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10 Envtl. Pol'y & L. 1 (1983)

handle is hein.journals/envpola10 and id is 1 raw text is: 


  During  1982 the journal gave much emphasis to the work of the UN and
  its many specialized agencies - and particularly to UNEP. This could be
  interpreted by our readers as showing imbalance - and perhaps it is, in-
deed,  imbalance -  but it should not be regarded as being a shift in
editorial policy. The reason being that environmental activities in the UN
family played a superior role - not only because UNCLOS was finalized
and  10 Years After Stockholm spotlighted environmental problems but
especially due to the breakthrough made by environmental law at the inter-
national level. For it must be realized that it was certainly a late comer
to the international scene, also demonstrated by the fact that for the first
time a comprehensive soft law text - the World Charter For Nature - was
adopted  and solemnly proclaimed by the General Assembly (see page
30). We shall report in detail next time.
   On the other hand, the journal has been very critical on many occasions
of the UN and several of its subsidiary bodies and we felt obliged to keep
our readers informed of these recent positive developments. Changes have
only been achieved because pressure has been brought to bear from the en-
vironmental lobby and future progress can only be assured if more people
are informed of what is going on. For the information gap, even among
those concerned, is still, unfortunately, a broad valley.
  Four  important international conferences which took place at the end of
last year were too late to be included in this issue: The Third World Con-
gress on National Parks  (Bali, 11-21 October), RAMSAR (Paris,   2-3
December),  UNCLOS (Jamaica, 6-10 December) and the Ozone Layer
Conference  (Geneva,  10-17 December). Reports,  and where  relevant,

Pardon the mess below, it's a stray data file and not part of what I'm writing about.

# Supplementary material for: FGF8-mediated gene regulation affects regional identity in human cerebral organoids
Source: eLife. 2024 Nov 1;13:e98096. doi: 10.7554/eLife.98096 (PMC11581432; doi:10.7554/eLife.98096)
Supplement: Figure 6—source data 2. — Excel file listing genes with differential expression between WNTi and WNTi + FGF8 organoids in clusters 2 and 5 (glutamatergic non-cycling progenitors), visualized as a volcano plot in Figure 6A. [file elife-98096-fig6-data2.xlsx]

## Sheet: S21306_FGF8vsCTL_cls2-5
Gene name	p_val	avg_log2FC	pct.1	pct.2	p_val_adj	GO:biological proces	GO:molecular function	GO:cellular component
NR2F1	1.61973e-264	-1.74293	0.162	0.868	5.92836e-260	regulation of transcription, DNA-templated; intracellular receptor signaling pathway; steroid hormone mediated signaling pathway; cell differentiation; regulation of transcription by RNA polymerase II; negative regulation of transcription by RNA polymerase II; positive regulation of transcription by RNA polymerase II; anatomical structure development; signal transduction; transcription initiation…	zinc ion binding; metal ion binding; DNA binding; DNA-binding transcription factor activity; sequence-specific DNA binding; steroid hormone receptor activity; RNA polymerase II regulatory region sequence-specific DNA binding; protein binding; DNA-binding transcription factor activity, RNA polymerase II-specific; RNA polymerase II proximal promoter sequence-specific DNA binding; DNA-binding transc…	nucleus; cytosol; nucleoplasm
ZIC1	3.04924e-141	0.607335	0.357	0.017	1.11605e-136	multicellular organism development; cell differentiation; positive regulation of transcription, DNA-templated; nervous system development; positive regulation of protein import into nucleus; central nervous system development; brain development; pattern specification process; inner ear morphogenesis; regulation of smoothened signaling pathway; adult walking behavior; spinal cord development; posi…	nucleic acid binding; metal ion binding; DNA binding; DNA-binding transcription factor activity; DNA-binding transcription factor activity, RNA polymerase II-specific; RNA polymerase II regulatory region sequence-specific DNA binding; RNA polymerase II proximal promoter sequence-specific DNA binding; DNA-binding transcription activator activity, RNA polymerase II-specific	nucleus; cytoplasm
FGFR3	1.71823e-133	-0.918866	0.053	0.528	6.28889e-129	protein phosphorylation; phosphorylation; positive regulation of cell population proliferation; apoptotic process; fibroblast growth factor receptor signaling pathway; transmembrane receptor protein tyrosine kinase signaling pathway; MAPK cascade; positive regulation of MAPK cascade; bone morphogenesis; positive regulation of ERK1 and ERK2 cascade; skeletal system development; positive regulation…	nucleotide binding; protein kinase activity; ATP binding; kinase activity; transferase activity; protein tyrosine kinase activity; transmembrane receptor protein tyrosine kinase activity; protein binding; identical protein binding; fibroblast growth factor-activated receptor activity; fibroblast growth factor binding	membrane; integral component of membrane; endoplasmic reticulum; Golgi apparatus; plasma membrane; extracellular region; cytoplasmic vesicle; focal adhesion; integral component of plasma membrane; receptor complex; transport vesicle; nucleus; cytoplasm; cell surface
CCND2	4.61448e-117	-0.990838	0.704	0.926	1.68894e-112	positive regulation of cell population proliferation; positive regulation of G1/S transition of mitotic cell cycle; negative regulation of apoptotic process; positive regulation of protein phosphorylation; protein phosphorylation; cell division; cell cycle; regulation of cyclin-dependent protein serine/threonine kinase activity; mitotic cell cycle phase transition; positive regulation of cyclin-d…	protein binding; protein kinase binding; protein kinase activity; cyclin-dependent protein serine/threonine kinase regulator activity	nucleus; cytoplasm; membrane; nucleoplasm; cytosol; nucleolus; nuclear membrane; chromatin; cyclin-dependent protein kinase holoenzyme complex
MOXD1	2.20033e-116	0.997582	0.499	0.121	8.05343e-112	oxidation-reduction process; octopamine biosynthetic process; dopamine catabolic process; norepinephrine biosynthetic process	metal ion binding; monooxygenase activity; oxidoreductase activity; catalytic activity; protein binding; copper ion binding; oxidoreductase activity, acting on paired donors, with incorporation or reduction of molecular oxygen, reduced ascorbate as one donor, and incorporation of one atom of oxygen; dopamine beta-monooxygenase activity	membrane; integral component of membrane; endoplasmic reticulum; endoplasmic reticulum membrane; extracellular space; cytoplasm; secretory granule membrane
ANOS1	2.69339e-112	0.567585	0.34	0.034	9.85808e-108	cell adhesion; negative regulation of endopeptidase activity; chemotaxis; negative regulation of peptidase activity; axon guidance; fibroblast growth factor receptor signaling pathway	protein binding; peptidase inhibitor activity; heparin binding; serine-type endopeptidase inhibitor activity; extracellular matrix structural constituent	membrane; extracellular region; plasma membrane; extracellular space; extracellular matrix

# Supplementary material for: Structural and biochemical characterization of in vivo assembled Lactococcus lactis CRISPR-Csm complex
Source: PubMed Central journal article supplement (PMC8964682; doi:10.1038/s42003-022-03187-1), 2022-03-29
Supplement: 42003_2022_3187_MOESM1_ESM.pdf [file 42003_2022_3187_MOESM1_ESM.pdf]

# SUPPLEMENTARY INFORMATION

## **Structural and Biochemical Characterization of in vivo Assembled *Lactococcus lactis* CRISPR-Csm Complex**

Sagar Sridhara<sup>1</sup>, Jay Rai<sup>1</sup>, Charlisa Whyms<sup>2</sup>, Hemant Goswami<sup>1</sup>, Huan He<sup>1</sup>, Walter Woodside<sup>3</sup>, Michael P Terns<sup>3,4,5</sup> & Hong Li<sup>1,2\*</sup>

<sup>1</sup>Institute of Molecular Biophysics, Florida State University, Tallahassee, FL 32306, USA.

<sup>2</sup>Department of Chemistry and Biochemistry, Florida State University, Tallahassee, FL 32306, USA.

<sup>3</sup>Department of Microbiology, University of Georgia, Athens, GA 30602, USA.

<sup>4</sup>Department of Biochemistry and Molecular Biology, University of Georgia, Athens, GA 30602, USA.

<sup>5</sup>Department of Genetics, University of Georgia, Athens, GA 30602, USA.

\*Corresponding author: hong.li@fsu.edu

recommendations  of these meetings, will be covered in the next issue of the
  In  contrast, this issue deals mostly with national policy. One such
development -  with all its international repercussions - not included due
to deadline, is the decision taken at the beginning of November by the
Japanese government  to file a formal complaint against the International
Whaling  Commission's decision to end commercial whaling in three years.
It was hoped that Japan could be pressured into switching its stance as it
was  likely that other opponents of the ban, including the Soviet Union,
Peru and Norway,  might fall into line. (Although it is estimated that ap-
proximately 50,000 Japanese are dependent on  the whaling industry, a
public opinion survey, conducted by the independent Nippon Research
Centre, found that 47% of the population were in favour of the Commis-
sion's ban). As expected, on the same day as the Japanese decision, the
Norwegian  government announced  that it would continue whaling.
  It will be interesting to see if the US will abide by its promise to use its
legislation to prohibit the Japanese from fishing in coastal waters up to 200
miles from the US shoreline - where Japan catches more than 1.1 million
tons of fish yearly. An interesting parallel has just occured as the Cana-
dians warned the EEC  (with success) that they would cut fishing rights if
the Community  should ban baby seal imports (see also page 30). 0
                                                    7 December  1982

(Manuscript deadline 30 October)

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